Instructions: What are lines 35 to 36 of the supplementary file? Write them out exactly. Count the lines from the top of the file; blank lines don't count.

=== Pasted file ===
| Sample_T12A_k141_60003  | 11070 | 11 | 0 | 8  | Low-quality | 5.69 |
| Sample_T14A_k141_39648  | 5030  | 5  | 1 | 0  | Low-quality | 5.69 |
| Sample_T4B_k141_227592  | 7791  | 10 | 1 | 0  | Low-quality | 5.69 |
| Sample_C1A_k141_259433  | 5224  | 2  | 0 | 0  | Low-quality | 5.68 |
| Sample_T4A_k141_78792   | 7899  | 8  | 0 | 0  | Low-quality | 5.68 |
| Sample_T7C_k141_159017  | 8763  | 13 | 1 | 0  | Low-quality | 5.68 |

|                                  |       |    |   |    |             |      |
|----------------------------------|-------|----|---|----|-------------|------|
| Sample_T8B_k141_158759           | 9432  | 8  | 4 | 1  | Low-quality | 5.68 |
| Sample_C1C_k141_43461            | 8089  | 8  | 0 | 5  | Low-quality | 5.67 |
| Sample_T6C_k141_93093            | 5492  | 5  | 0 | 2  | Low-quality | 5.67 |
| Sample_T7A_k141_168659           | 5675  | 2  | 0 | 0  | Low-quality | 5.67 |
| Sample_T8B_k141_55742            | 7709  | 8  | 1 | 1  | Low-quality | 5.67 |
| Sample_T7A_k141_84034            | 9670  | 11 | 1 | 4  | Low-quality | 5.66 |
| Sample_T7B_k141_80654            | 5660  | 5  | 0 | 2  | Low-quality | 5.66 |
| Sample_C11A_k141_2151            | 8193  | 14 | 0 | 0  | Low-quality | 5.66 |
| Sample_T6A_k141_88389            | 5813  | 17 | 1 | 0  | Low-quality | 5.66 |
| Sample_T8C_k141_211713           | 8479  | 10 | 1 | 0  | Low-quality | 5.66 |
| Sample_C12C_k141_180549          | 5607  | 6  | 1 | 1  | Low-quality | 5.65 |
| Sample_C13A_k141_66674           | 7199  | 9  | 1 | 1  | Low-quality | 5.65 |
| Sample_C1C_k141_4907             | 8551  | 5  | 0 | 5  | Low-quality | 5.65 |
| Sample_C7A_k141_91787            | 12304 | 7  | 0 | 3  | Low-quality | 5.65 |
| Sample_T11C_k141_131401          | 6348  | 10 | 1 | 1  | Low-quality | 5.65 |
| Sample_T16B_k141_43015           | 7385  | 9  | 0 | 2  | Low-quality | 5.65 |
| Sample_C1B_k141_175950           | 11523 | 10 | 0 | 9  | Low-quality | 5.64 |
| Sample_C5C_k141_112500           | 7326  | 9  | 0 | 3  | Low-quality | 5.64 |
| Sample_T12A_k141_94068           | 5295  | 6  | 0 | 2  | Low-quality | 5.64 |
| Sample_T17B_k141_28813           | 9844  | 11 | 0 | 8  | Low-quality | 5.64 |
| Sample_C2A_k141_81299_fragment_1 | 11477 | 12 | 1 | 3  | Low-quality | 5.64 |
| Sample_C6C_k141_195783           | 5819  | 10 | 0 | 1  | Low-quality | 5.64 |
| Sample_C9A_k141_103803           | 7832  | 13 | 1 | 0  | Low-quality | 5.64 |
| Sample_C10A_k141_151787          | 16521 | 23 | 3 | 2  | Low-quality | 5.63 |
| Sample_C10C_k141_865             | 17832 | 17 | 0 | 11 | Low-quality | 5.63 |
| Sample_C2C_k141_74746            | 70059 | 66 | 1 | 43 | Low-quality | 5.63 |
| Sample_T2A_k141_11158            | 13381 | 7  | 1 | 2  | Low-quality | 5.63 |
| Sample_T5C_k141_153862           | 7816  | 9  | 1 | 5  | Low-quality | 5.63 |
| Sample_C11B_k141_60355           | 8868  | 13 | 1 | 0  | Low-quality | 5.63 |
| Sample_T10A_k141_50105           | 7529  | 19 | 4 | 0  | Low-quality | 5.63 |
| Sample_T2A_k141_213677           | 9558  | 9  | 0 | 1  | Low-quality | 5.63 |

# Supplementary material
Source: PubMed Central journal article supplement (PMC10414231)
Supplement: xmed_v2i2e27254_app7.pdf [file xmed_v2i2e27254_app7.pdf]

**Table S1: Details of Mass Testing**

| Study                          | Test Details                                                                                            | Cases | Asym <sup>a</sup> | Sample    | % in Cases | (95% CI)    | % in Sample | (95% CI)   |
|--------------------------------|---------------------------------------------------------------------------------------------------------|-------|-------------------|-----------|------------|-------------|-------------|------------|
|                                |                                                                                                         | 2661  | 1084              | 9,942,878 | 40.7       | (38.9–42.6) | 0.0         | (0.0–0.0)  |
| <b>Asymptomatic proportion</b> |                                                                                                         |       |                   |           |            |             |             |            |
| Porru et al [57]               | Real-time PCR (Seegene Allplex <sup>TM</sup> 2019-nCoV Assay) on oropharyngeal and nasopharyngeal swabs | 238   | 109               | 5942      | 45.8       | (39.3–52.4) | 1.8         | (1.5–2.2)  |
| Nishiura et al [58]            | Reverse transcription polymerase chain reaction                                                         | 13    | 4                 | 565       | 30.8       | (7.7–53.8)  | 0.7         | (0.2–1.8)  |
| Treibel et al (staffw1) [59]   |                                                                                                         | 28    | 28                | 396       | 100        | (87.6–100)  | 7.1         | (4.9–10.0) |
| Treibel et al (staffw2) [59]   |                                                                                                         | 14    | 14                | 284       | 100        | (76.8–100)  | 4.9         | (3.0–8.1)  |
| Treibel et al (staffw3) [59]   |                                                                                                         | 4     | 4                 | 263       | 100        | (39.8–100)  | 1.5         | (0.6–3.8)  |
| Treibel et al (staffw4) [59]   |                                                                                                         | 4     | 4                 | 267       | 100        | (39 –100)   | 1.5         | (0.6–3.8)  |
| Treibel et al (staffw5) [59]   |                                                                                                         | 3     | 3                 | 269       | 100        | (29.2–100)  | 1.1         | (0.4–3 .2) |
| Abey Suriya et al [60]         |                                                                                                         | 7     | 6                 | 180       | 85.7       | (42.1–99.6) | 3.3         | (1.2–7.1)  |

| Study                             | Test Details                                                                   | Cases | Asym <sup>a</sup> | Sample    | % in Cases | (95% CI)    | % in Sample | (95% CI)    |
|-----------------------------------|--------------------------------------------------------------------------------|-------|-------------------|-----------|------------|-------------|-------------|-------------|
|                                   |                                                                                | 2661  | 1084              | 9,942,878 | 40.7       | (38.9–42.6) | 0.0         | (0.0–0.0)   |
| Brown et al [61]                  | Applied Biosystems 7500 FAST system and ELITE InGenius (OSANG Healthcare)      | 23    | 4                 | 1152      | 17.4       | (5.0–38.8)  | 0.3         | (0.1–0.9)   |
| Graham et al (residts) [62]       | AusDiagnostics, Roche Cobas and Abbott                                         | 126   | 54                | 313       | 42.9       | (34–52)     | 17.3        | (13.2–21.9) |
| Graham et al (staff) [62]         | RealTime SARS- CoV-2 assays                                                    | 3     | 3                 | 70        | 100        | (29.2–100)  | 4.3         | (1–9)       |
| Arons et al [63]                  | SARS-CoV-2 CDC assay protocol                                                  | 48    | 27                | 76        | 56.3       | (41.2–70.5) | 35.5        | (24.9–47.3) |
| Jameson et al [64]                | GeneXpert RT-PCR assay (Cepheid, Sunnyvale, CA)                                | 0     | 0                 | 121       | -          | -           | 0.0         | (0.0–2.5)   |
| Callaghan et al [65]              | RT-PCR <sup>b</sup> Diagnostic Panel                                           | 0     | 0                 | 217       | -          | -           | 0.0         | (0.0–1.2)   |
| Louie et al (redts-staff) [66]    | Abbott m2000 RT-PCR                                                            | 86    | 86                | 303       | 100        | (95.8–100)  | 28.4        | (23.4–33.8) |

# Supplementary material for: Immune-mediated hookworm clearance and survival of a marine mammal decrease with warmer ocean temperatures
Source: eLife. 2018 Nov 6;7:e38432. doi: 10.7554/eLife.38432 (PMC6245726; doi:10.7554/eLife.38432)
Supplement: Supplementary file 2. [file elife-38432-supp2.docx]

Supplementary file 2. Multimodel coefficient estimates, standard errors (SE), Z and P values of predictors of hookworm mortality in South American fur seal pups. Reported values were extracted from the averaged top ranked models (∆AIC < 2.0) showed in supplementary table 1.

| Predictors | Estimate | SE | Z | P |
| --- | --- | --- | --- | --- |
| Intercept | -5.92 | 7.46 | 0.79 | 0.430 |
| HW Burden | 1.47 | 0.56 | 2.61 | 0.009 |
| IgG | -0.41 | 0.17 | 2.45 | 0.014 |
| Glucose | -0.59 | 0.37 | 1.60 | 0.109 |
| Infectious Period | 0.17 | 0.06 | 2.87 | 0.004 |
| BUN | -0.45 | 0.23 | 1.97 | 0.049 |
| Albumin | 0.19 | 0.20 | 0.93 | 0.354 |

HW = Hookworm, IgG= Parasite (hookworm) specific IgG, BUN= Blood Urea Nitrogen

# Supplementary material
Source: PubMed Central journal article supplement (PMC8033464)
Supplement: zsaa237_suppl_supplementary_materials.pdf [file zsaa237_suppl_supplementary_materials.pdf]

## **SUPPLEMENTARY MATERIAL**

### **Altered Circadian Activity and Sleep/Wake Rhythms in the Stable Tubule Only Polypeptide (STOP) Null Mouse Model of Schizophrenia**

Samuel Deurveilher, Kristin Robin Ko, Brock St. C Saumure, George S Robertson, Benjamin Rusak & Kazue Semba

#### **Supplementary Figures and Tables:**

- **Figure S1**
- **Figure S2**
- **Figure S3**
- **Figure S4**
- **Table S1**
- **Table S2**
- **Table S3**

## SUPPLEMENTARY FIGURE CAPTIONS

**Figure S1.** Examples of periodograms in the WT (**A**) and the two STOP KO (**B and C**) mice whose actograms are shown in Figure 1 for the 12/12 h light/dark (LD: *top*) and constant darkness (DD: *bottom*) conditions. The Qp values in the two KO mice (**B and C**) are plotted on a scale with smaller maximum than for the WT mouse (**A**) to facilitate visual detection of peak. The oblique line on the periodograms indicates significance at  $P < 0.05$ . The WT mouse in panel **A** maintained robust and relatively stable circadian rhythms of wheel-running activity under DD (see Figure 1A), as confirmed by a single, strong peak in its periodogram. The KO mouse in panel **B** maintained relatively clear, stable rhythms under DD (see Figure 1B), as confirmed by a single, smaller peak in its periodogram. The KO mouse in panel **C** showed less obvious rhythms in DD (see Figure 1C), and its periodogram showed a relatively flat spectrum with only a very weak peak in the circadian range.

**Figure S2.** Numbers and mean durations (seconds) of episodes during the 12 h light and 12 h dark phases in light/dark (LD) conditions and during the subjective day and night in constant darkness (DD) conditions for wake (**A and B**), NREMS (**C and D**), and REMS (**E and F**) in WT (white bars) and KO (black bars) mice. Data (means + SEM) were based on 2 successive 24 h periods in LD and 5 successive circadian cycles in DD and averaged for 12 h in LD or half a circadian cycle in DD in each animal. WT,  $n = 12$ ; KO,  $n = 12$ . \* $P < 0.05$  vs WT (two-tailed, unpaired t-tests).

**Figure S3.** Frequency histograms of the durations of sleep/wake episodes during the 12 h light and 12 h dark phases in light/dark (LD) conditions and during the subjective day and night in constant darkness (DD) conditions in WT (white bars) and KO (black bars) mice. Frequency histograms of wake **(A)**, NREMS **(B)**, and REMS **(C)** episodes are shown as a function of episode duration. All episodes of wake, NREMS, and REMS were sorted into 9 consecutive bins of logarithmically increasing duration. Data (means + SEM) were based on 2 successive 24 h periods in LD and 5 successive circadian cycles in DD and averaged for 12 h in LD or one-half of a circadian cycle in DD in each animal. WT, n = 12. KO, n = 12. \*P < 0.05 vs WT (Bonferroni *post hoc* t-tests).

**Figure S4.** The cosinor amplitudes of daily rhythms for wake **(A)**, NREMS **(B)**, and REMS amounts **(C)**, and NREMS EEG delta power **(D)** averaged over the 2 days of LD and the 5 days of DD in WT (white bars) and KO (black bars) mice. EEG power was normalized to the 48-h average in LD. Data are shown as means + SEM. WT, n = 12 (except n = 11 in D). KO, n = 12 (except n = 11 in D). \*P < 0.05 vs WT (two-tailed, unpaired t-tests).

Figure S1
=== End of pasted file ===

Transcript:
| Sample_T2A_k141_11158            | 13381 | 7  | 1 | 2  | Low-quality | 5.63 |
| Sample_T5C_k141_153862           | 7816  | 9  | 1 | 5  | Low-quality | 5.63 |